I was asked “why do we still need (Photoshop/Lightroom) if we have (Lightroom/Photoshop)?” The bottom line is that while both are incredibly powerful software tools, they really have very different uses. There are some definite overlaps, but the programs are really designed to be complementary, and fully integrated into your workflow. As a reminder Lightroom (LR) is first and foremost a tool for photographers. It helps you manage your images, and non-destructively edit and print them. LR always has a complete record of your image and what you have done to it. Photoshop (PS) is a full-featured pixel based imagery program. You can create graphics, add text, manipulate and combine images. PS will let you completely destroy your original image and, if you are not careful, you will lose all trace of the original. It does provide you a complete range of compositional tools, creative effects and exceptionally precise control over every single element of your finished image.
This blog is the first of a series on some of the features that help make PS so powerful and to many, so confusing. The basic structure of Photoshop is based on the concept of layers. Layers are stacks of information that, when seen from the viewer’s perspective, reveals the final image. As the creator, you have control over what information is on each layer, how the layer interacts with the ones above and below it. You can make the layers fully transparent or fully opaque; add textures, and you can choose to hide or mask parts within each layer.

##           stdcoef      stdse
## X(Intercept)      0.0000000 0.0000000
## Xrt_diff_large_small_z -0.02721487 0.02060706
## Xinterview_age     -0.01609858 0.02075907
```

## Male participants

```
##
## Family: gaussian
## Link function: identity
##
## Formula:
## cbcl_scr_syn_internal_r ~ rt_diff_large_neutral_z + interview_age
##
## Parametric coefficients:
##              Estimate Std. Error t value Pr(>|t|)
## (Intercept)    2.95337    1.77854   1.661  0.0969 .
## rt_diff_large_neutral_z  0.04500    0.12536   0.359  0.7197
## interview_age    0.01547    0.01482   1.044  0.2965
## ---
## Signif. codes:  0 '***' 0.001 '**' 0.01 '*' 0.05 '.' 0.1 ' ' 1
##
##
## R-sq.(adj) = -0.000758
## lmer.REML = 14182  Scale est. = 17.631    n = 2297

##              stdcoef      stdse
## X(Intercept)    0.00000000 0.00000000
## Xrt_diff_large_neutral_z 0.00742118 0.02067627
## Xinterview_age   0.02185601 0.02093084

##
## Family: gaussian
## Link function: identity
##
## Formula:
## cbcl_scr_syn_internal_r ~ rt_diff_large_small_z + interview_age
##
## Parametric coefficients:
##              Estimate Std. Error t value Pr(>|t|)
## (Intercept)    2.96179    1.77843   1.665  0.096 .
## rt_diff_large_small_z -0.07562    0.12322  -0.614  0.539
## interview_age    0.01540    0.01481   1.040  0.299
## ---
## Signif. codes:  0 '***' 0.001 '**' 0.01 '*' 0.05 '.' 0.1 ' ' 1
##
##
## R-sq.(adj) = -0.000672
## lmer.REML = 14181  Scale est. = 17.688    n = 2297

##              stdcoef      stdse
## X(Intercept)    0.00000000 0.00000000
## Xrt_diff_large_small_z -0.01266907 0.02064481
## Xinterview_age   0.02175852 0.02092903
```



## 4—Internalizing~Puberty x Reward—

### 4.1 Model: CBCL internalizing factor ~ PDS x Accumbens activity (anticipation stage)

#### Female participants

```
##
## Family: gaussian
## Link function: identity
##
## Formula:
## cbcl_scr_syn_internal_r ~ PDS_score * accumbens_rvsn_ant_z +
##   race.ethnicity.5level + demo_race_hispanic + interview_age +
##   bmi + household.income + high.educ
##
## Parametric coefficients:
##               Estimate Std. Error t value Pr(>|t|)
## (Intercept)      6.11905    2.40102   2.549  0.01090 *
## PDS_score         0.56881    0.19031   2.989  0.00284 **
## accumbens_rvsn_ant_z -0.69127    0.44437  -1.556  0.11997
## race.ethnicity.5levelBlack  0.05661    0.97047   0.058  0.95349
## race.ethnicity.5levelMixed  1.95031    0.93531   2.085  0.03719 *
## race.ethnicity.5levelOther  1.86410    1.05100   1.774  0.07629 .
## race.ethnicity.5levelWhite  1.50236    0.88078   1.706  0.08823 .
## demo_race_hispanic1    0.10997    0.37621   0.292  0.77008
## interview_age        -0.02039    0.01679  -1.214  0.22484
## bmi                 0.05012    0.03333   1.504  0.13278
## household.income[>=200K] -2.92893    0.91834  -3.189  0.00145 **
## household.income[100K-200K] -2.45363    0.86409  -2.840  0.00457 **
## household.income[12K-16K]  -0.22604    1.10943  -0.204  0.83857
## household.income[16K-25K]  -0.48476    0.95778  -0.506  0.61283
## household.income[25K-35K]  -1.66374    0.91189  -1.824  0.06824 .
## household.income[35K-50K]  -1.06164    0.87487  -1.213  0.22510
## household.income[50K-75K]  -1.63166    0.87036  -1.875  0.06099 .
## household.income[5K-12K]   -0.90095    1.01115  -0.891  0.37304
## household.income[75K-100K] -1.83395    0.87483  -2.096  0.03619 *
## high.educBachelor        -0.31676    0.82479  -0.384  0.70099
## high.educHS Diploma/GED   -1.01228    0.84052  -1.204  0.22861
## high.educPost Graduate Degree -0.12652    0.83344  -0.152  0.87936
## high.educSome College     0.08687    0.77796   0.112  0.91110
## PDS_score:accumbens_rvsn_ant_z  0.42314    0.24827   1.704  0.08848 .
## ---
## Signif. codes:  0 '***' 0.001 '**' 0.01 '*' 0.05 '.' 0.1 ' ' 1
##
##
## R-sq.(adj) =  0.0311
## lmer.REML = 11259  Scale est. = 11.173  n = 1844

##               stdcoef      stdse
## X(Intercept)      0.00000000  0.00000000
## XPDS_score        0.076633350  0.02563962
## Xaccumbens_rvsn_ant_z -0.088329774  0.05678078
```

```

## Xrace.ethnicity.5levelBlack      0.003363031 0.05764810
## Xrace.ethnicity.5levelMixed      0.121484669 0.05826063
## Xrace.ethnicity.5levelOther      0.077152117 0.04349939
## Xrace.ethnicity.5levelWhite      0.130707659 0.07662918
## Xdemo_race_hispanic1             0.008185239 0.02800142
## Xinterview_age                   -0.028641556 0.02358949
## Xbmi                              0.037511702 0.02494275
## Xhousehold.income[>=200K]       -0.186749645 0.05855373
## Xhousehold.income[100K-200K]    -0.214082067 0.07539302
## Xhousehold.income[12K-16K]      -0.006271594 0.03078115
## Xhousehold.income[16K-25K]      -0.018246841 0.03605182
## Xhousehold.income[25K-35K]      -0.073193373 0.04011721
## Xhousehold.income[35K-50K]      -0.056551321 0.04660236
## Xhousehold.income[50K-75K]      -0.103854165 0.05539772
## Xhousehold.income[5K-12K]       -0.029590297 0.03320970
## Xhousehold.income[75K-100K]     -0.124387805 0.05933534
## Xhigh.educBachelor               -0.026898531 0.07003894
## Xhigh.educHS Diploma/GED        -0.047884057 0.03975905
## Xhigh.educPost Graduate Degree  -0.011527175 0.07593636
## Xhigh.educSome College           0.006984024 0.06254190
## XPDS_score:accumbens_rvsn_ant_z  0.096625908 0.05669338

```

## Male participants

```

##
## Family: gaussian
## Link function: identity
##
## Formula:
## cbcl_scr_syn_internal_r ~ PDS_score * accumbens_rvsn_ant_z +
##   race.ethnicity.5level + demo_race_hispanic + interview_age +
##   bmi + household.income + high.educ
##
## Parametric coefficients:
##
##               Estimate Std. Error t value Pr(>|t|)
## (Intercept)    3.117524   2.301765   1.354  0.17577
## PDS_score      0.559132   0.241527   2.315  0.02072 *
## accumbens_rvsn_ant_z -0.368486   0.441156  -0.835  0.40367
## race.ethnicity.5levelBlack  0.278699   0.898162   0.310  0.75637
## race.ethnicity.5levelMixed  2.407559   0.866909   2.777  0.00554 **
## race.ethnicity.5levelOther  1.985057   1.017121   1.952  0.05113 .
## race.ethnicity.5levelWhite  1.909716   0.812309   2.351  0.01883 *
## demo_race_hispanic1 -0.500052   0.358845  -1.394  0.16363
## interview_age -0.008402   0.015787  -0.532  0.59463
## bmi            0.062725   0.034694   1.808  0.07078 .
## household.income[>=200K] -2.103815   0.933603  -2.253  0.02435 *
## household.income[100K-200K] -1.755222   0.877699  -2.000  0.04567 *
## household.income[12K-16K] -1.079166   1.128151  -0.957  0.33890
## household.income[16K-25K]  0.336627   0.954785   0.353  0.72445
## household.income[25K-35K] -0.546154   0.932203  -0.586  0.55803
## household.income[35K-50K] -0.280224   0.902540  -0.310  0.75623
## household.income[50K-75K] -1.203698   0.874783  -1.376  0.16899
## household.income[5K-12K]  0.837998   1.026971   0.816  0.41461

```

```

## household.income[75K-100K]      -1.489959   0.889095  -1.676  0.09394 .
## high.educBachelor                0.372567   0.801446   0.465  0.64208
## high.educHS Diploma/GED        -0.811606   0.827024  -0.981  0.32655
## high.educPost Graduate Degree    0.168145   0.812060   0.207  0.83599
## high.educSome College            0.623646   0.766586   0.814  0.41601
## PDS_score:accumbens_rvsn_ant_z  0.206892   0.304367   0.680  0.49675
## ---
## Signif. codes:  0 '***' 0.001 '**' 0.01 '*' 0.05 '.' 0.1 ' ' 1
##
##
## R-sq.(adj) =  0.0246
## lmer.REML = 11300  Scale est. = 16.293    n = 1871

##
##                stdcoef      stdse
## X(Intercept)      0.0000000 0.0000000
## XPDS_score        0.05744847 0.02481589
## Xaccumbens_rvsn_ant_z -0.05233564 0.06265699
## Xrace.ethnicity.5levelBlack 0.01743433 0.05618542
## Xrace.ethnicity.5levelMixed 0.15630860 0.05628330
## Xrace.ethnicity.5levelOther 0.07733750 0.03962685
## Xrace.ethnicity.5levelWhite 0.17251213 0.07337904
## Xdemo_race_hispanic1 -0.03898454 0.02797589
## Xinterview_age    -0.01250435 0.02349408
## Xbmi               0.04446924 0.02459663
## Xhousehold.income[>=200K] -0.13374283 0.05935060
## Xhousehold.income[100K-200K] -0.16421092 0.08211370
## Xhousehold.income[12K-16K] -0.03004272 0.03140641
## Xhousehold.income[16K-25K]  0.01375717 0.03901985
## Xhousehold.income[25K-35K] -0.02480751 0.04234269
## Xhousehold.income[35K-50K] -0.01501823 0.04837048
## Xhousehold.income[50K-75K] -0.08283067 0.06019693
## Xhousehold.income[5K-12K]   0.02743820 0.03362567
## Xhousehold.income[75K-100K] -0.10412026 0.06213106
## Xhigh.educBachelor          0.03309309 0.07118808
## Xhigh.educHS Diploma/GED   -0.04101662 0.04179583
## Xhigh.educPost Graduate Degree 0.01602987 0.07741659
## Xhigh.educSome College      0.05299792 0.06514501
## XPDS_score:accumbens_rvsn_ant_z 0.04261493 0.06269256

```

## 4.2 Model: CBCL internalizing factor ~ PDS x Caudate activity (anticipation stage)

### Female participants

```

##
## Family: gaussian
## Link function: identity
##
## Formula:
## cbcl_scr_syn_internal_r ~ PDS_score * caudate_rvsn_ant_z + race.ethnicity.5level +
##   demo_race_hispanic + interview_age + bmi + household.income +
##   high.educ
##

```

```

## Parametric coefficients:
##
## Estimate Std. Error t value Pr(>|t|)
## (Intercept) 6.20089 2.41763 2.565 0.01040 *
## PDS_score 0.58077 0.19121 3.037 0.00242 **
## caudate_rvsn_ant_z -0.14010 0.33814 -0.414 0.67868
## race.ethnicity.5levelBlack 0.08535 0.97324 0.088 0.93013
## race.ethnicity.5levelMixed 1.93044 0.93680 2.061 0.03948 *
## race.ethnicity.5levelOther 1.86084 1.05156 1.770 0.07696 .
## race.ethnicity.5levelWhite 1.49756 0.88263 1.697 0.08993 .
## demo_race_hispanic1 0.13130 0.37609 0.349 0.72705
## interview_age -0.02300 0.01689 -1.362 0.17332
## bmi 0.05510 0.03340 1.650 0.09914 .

The layers palate keeps track and allows you to navigate among them all. As you create new layers, it is a really good practice to take the time and name them. Just double click on the text to the right of the layer icon and give it a good descriptive name. Believe me it is much easier to find the “facial skin tones adjustments” layer than it is trying to remember was that on Layer 15 or Layer 17, especially, when it might me weeks or months later when you come back to it.